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splendid > reviews > 2/16/2004
LFO
LFO
Sheath
Warp


Format Reviewed: CASS

Soundclip: "Blown"

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Editor's Note: We're sorry not to have gotten to Sheath sooner. You'd be surprised how hard it is to get someone to review a cassette these days...

It's been quite a while since Mark Bell released music under the LFO moniker. Once a duo and now simply Bell's solo project, LFO was among the first of the Warp Records stable of artists and was the vanguard of electronic music during the early nineties, before acid house died and "electronica" became a dirty word. LFO's early singles and debut LP, Frequencies, hold a cherished place in the canon of British electronic music, with the sort unanimous praise that translated into a mainstream chart position.

For those of you with your history books upside-down and backwards, LFO's sound may seem like a chip off the Aphex Twin block. Truth be told, Mark Bell and Richard D. James are contemporaries, but the reality is that LFO's recorded output has appeared in fits and starts at the best of times, while James was the most productive Warp artist of the nineties. The five year gap between Frequencies and its follow-up, Advance, is eclipsed with the release of Sheath, which marks seven years since the LFO name has been attached to an LP.

However, Bell's extra-curricular activities as producer haven't hurt his image much in the interim -- he was directly responsible for much of the sound of Björk's masterwork, Homogenic, and returned to assist on both the Oscar-nominated Selmasongs and the assured Vespertine. Now Bell returns to his roots as a composer, and the result is an album of rich melodies, aggressive percussive breaks and richly textured atmospheres that intelligently synthesize the whole of electronic music history. The LFO sound has always incorporated elements of the hard techno that Aphex Twin routinely exploits and explodes, but Bell's interests in the ethereal side of electronic music transcend simple clean-dirty dynamics.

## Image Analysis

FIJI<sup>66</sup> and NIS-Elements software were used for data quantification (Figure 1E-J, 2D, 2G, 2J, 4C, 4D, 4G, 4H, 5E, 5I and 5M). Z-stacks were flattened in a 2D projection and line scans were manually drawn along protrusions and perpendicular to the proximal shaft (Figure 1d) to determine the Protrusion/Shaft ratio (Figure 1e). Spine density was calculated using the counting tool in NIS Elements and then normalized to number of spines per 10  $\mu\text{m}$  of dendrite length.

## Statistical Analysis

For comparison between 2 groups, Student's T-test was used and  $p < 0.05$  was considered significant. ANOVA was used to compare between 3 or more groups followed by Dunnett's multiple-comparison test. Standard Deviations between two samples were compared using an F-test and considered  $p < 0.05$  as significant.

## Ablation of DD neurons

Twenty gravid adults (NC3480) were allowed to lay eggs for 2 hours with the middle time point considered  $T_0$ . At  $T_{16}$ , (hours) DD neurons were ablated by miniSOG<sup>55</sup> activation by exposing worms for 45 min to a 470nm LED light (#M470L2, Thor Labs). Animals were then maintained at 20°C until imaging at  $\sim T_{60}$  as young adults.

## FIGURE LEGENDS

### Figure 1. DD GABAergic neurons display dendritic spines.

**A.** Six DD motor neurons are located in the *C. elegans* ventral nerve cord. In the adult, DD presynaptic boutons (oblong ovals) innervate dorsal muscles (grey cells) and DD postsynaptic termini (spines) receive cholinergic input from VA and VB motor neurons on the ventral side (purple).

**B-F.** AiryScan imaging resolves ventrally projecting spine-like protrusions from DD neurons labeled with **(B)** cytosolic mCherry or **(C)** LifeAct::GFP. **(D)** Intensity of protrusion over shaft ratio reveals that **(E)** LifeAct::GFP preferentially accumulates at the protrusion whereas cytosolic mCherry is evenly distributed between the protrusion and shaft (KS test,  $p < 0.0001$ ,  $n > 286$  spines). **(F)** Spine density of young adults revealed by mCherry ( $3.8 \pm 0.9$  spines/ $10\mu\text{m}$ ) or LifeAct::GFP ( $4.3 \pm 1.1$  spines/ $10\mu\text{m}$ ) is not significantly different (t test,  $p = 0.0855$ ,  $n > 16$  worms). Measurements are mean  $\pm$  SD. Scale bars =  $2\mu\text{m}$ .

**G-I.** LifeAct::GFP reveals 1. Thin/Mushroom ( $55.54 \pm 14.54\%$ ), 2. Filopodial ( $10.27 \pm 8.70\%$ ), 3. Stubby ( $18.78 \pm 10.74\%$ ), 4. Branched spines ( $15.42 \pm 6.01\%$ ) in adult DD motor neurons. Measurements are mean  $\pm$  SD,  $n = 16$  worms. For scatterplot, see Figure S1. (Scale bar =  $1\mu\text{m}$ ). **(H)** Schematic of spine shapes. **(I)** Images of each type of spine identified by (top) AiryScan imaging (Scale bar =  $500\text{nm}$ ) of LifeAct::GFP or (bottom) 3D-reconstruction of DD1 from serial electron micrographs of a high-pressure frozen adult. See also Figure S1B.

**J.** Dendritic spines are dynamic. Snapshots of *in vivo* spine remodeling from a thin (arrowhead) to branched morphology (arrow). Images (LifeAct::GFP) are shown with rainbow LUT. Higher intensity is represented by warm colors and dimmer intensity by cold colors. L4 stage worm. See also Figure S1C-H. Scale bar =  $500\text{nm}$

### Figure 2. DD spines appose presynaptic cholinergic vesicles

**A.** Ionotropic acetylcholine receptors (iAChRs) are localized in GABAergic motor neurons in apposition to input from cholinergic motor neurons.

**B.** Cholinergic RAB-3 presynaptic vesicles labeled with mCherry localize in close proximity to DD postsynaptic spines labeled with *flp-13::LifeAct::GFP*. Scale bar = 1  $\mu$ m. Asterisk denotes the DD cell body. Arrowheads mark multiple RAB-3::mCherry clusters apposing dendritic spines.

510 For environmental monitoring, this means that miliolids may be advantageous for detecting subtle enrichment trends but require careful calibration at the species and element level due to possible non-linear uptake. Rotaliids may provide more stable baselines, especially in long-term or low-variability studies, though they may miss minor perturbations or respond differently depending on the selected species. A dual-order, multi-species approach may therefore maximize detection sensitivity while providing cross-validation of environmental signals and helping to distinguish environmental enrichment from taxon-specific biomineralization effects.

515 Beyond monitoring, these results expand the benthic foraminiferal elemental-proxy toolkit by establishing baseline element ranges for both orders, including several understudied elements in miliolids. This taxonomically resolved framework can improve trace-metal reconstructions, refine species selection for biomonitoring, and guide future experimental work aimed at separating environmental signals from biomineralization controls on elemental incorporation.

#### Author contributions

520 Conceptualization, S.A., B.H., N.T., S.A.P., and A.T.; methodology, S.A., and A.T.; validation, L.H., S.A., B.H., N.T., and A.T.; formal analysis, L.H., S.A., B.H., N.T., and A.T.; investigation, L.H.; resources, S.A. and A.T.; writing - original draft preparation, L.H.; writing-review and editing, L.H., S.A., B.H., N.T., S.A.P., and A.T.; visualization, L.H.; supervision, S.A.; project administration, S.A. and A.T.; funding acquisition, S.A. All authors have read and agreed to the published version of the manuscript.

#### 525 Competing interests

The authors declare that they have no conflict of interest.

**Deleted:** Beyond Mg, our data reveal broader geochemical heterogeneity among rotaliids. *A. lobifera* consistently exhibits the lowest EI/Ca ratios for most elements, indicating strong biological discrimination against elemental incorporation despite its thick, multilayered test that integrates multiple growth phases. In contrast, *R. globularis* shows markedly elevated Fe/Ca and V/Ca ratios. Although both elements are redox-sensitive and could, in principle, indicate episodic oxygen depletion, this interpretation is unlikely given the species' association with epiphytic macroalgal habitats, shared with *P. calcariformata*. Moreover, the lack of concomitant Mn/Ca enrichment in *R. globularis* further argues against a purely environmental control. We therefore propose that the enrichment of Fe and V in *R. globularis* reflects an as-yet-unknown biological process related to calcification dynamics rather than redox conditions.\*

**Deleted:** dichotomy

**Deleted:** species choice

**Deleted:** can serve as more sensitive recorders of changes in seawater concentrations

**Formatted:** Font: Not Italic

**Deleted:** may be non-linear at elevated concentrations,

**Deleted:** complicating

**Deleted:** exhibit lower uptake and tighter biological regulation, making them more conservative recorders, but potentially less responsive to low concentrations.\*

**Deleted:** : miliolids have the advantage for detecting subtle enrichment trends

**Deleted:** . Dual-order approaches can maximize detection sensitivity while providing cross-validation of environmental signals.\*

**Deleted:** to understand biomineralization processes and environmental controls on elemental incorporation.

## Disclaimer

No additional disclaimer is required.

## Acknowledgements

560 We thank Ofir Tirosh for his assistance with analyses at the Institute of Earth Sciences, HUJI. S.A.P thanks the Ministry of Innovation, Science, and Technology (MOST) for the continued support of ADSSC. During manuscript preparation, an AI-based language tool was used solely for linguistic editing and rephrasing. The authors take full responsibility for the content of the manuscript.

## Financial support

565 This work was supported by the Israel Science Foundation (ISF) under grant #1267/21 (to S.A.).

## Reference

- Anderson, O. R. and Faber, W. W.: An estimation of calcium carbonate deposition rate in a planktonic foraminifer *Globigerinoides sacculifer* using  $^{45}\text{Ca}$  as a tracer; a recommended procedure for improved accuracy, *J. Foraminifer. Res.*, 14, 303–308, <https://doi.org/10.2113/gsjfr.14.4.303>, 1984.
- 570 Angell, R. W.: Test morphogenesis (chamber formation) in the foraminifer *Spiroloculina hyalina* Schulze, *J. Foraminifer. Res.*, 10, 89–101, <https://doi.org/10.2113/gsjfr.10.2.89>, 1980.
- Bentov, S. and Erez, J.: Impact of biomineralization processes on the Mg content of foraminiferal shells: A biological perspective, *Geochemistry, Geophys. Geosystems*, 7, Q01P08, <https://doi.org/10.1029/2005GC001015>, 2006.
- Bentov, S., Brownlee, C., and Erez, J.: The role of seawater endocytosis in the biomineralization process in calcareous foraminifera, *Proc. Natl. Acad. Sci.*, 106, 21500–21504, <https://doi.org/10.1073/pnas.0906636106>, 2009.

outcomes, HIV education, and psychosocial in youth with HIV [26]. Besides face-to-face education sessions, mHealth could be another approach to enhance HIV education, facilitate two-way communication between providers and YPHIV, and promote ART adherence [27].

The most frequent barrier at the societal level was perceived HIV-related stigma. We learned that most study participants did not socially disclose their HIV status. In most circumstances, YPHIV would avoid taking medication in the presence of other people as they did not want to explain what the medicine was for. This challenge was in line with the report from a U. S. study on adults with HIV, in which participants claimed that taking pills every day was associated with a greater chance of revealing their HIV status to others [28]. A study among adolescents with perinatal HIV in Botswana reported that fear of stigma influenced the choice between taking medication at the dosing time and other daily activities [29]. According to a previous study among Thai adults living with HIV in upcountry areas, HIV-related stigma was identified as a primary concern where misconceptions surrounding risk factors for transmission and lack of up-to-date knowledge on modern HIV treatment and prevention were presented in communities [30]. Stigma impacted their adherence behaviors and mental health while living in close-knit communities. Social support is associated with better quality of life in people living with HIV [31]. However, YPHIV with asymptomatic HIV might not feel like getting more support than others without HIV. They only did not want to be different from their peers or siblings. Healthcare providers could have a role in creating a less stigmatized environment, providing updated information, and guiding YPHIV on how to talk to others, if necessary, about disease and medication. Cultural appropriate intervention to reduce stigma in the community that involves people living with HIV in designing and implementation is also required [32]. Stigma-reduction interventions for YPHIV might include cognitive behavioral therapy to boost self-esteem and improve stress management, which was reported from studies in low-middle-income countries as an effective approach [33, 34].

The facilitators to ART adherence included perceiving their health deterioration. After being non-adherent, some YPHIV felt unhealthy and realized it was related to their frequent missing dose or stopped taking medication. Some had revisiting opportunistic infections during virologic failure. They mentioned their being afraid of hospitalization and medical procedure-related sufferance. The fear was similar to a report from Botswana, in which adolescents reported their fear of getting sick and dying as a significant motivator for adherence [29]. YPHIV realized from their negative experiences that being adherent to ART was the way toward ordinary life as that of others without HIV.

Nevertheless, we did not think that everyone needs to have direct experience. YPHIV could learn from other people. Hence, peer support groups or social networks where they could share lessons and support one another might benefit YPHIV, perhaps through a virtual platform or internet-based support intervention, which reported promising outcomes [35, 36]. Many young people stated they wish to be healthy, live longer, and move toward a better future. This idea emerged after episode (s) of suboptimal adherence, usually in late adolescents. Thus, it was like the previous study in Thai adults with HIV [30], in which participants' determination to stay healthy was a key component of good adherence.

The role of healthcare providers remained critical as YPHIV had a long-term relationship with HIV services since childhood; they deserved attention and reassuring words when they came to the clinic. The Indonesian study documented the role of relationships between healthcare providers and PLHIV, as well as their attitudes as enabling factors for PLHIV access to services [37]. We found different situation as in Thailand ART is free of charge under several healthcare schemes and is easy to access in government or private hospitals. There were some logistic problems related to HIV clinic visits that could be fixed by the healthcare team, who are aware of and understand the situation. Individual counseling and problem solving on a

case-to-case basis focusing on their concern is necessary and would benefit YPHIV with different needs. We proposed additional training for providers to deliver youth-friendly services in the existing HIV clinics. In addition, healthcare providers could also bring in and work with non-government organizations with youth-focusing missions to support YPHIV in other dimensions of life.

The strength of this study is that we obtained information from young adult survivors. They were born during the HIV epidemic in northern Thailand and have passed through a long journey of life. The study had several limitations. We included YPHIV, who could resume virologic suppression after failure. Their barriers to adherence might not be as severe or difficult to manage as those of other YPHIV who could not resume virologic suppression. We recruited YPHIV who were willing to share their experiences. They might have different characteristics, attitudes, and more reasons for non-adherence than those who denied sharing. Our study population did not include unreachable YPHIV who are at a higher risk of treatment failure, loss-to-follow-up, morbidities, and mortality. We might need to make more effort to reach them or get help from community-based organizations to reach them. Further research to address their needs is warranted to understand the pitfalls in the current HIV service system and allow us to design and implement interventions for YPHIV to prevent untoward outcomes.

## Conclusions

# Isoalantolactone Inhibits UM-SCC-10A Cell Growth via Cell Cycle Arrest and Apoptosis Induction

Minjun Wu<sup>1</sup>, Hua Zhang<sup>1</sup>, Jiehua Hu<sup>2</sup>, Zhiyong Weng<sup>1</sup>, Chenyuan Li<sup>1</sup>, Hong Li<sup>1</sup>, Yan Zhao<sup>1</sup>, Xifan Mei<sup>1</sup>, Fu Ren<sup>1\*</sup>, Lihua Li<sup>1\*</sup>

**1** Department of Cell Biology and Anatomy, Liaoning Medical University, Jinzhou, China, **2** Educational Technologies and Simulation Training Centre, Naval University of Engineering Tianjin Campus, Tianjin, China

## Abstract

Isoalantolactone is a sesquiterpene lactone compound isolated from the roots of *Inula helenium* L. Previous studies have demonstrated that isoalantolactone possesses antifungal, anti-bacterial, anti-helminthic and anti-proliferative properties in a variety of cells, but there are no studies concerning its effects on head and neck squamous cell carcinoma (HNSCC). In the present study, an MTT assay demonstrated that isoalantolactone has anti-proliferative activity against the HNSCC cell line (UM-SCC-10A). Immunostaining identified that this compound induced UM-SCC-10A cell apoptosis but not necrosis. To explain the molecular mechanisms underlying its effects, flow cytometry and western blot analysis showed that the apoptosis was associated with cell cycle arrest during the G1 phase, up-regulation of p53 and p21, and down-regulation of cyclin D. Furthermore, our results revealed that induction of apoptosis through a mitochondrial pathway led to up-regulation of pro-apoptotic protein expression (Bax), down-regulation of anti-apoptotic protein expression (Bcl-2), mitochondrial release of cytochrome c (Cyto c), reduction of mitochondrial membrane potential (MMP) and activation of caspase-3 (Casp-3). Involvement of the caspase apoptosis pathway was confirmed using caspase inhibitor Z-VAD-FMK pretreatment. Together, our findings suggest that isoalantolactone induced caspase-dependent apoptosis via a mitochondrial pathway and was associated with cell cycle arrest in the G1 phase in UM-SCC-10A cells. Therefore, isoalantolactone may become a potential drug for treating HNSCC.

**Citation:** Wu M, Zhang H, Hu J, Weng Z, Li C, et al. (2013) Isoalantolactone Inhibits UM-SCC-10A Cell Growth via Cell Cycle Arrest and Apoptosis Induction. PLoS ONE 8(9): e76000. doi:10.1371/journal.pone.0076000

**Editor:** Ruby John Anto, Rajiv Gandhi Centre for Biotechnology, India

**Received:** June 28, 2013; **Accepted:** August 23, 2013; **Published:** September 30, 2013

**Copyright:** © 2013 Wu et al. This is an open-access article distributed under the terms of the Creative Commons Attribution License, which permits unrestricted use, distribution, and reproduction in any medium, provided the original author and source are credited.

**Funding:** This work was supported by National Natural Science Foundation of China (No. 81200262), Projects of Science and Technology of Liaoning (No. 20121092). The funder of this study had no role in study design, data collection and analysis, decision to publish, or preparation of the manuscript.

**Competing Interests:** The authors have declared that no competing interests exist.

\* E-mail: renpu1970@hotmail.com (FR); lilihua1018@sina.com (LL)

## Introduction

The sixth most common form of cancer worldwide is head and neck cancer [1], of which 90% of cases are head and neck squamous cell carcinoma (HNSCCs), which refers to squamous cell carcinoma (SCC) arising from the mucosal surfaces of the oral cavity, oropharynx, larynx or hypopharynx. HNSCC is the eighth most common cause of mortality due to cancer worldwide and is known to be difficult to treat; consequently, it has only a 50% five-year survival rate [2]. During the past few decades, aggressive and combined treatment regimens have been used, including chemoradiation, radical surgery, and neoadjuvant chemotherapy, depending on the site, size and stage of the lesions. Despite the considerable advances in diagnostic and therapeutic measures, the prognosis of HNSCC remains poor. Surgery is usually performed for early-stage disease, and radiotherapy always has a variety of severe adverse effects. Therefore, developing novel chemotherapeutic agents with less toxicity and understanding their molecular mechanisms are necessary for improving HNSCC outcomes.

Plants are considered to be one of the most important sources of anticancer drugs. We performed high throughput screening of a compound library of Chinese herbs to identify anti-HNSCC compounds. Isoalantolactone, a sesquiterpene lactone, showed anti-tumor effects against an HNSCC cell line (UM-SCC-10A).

With all of this in mind, it's still fair to suggest that Sheath is perfectly summarized by its opening two tracks. His fingerprint indelibly left upon the whole of the Warp roster (and much of contemporary electronic music), Bell uses Sheath to reimagine and re-articulate the foundational elements of composition and production that first made such an impact. "Blown" is a dreamy atmospheric piece that points up the influence Bell has had upon labelmates Boards of Canada. Similarly, it mirrors the aquatic tones found on another Warp release, Two Lone Swordsmen's Stay Down. An introductory passage establishes the central theme, submerged under leagues of reverb and softened with a warm analog glow reflecting Seefeel's Starethrough EP. These elements are only partially washed away when an electronic harp breaks through with a high-res clarity that rests atop the mix like a music box.

"Mum-Man" is a straight-up techno production with a tidy little nod to the acid house movement that Bell helped to establish. It recaptures the spirit of early LFO and pays sonic tribute to Polygon Window's stellar Quoth EP with its diamond-cut drum sounds and deep bass mix. The manic intensity of the percussive pounding and the stereo-panning movement of myriad background effects contextualize the progression of mid-discography Autechre towards the textured noise of Tri Repetae. "Monkeylips", "Unafraid To Linger" and first single "Freak" continue the examination of these dark sounds. For the doomsday-ers in the crowd, it's music to live your life to while looking for ways to end your existence prior to the end of the world.

The fact that the review-copy of Sheath was a Warp-sponsored cassette dub perfectly captured the spirit surrounding my introduction to LFO; as I cruised around the suburbs with friends on afternoons that should have been spent in classrooms, LFO, Aphex Twin and Orb that introduced me to a world outside of Creation Records and American indie-rock. More than fourteen years after his first appearance on the scene, Mark Bell uses LFO as a vehicle to reassert the relevance and emotional thrust of his brand of inspired electronic music. It was worth every minute of the wait.



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